More than 1,000 years ago, the exploits and achievements of Viking leaders were engraved in stone in the lands of today’s Denmark, and these written memories are the so-called rune stones.
Both sets of runestones mention a woman named Thera.
New analysis of the carvings suggests that the runes on both sets of stones were carved by the same craftsman and refer to the same woman: a powerful Viking queen. CNN reports.
In Denmark, rune stones are venerated mostly by men As he claimed, but Thera was commemorated on more runestones than any other person in Viking Age Denmark.
Thyra, which also played a role in the birth of the Danish Empire
Danish and Swedish researchers used 3D scanning to analyze the inscriptions on the runestones and found signs indicating the style of the individual sculptor. Scholars say the fact that this sculptor mentioned Thera’s name several times – a rarity for women in the Viking Age – indicates that she was a powerful ruler and may have played a key role in the birth of the Danish Empire.
Catherine Cross, a lecturer at Britain’s St. John’s University who researches and teaches the history of northern Europe in the early Middle Ages, said: “It’s great to learn more and more about the runestone carvers and the people whose names are on the stone.” He emphasized that we cannot understand early medieval sources unless we think about who made them and why.
One set of runes comes from monuments known as the Jelling Stones; These were erected in the city of Yiling around the year 965.
The larger Jelling Stone is often called the “Birth Certificate of Denmark” because it is the first monument to bear the names of people who converted to Christianity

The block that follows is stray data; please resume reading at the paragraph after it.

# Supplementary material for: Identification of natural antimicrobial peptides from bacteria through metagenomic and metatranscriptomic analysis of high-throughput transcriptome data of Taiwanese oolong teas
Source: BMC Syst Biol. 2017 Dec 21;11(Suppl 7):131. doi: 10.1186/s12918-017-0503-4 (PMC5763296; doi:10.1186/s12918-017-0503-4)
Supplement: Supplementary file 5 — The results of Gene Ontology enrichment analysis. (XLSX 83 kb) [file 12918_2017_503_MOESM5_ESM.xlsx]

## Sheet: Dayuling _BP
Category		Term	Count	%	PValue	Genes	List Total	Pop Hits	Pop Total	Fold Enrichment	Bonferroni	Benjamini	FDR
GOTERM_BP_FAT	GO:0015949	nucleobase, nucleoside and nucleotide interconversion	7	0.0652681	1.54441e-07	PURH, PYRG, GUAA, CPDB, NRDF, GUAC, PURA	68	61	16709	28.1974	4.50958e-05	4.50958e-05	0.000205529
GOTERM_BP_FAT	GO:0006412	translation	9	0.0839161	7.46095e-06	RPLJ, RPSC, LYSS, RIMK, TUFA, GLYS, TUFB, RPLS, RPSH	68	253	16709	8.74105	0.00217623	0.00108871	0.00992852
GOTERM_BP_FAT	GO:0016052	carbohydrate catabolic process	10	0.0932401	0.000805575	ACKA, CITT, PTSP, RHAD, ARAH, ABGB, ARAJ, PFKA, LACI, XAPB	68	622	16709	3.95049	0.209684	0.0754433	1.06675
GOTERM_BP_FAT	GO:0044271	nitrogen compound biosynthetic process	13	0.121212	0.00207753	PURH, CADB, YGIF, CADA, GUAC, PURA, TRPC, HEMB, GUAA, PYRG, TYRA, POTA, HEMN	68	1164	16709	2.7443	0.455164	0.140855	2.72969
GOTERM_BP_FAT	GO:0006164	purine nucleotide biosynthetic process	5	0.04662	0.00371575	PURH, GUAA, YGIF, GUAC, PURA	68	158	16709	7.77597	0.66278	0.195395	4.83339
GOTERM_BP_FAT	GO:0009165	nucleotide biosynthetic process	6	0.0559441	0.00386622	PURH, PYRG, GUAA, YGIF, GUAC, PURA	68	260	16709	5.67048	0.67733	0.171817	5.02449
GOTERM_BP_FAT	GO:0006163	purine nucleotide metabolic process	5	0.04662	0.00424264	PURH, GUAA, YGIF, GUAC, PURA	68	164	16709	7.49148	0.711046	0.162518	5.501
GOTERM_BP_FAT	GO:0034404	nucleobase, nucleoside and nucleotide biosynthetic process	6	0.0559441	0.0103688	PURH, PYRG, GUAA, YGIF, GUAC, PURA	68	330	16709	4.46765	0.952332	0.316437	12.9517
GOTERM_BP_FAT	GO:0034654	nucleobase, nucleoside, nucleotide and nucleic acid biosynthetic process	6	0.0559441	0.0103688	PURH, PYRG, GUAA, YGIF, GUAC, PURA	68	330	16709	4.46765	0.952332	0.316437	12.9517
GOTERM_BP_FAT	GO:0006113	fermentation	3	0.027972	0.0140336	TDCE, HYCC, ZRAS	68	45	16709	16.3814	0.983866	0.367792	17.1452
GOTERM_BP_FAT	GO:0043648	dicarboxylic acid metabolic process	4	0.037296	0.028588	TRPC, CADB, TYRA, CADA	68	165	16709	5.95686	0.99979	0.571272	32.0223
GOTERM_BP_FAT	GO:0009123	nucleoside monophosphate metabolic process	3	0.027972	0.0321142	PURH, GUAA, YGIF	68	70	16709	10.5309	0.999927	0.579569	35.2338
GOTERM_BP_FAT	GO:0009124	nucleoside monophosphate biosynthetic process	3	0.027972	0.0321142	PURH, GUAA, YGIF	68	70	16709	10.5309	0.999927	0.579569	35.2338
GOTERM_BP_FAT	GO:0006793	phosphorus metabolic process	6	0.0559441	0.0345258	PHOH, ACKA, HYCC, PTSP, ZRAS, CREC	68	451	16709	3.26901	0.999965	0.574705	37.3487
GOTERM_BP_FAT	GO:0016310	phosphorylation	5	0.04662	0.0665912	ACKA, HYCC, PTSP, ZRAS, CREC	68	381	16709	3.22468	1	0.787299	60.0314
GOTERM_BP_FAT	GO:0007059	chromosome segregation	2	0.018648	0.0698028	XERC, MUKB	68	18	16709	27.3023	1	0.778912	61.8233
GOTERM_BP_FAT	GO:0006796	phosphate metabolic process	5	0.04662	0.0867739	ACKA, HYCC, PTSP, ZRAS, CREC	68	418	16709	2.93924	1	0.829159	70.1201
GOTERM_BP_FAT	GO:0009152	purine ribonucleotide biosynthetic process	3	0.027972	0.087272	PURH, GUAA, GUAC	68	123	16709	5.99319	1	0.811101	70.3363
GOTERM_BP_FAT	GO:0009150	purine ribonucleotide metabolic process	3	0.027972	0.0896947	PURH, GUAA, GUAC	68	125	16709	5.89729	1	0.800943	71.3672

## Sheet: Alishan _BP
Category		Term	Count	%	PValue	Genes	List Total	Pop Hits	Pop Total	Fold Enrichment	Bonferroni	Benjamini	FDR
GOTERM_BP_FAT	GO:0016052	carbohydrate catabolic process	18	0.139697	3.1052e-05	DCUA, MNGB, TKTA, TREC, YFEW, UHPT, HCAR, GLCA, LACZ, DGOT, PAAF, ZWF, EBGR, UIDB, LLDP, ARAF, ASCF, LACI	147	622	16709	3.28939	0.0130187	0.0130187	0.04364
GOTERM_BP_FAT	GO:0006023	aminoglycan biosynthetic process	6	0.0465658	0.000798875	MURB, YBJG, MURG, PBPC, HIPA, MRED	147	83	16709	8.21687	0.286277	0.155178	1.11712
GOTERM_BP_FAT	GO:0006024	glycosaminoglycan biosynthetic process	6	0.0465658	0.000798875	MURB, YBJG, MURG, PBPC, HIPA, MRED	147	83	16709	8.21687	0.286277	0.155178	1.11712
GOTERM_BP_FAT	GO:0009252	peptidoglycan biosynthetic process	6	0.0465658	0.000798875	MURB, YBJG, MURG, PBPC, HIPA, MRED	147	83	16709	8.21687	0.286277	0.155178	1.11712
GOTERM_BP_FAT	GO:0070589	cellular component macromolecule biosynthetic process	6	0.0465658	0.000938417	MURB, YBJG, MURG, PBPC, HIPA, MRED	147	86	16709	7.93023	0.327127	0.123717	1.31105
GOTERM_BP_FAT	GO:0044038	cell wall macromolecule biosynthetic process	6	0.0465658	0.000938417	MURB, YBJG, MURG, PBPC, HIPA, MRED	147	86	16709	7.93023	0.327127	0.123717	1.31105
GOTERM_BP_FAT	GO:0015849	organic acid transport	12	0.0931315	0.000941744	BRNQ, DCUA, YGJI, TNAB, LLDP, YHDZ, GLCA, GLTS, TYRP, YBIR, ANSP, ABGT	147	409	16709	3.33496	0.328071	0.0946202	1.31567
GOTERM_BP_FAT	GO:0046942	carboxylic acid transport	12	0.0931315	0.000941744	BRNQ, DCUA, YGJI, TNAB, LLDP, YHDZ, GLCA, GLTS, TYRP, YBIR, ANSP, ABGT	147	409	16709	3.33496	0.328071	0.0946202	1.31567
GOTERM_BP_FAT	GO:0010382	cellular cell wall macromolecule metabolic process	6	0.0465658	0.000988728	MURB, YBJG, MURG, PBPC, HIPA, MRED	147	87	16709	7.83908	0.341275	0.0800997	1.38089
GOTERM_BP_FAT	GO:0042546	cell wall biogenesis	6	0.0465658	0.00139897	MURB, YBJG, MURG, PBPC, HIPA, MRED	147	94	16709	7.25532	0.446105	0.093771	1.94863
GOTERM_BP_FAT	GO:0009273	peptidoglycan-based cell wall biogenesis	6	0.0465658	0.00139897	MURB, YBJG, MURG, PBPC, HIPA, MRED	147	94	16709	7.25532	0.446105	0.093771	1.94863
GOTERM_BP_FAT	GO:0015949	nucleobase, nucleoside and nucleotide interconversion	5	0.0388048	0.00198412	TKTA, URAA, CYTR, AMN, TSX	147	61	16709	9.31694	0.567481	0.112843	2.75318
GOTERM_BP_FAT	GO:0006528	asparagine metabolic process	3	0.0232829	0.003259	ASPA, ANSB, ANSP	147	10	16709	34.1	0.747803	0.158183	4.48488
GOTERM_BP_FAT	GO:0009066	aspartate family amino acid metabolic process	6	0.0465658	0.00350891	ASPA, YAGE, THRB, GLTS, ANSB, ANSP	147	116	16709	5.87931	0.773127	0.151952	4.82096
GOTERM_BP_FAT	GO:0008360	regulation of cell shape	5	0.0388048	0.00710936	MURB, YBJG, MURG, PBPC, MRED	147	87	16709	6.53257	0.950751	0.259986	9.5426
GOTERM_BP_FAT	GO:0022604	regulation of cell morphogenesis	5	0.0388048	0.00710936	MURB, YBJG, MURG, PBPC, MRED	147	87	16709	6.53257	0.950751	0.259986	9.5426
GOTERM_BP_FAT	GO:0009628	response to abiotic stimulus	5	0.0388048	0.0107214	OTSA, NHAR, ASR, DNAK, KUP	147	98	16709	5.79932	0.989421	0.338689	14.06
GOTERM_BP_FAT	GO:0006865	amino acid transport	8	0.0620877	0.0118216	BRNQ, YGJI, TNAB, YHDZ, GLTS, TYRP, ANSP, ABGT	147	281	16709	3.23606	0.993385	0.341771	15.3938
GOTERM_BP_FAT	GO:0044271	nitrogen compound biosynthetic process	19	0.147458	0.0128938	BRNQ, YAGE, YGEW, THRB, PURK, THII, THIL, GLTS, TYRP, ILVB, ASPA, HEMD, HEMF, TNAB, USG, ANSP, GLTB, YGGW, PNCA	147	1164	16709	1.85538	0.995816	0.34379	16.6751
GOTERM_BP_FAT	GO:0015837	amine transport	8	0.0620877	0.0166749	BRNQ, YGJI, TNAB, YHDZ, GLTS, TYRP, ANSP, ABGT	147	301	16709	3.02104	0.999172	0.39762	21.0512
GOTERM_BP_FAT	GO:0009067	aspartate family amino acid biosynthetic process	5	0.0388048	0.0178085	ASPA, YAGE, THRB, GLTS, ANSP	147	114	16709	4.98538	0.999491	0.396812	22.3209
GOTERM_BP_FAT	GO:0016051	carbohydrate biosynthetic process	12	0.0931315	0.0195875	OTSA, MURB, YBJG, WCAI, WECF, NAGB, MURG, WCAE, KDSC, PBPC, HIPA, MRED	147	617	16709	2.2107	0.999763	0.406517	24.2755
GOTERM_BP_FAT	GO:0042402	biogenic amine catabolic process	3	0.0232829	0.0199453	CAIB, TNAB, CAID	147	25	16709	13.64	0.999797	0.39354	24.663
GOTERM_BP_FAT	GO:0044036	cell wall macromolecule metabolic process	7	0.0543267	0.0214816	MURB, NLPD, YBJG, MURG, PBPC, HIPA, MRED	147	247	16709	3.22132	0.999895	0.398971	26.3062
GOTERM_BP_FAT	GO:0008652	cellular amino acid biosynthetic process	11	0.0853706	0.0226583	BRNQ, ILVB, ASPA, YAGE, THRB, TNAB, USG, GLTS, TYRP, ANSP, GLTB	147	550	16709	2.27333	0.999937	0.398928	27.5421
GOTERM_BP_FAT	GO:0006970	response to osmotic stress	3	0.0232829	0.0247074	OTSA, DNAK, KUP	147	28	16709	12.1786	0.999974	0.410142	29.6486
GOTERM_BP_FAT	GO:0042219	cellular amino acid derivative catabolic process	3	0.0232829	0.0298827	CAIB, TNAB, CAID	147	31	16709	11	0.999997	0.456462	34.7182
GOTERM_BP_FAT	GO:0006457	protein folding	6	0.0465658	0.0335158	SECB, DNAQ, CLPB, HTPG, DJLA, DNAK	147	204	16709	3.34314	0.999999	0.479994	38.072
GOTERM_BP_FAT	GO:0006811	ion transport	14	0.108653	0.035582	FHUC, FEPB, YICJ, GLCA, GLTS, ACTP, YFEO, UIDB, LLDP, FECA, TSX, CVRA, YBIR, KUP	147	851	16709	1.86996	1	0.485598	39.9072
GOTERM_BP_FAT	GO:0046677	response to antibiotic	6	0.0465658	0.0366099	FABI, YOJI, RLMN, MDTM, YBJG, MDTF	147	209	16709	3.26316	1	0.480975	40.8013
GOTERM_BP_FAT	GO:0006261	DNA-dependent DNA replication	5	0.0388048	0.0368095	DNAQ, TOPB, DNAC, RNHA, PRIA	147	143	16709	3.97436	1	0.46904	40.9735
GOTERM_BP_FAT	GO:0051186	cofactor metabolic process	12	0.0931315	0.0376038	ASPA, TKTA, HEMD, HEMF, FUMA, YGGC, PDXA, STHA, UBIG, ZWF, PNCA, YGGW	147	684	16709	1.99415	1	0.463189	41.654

– Announced the Danish National Museum in Copenhagen.
Two runestones from Geeling also bear the names of royal figures: one stone was erected by the then ruling King Harald the Blue Tooth in honor of his mother, Queen Thyra, and father, King Gorm, and the other, the smaller stone, was made by the queen’s husband, King Gorm, in honor of the queen.
The runestone inscription on the queen reads: “Power/Salvation of Denmark” (or “Ornament of Denmark”, depending on the translation).
Scientists also discovered another set of four Viking Age relics, two of which also mention a woman named Thera. The study’s lead author, Lisbeth Eimer, director of runes and ancient inscriptions at the National Museum, said these stones could be linked to a builder called Ravenung-Tu, but experts have not fully agreed on whether this Thera was the mother of King Harald the Bluetooth. Denmark, its curator and the main researcher specializing in its study.
Before the new investigation, it was not known who carved the geling stones. If the sculptor was proven to be Ravennong-tu, it would confirm the connection between Yiling and the other set of stones.
Viking women fought and participated in the leadership of the state
In recent years, archaeologists have revised previous male-only interpretations of Viking warrior burials and found that Viking women were warriors as well. The new discoveries expand the picture according to which influential Viking women played a prominent role in state leadership and on the battlefield.
This research highlights that Viking women exercised power not only on the battlefield, but also through political power and patronage.
The fact that Thera appears on four runestones provides strong evidence that pHe would have enjoyed extraordinary power and social status he added.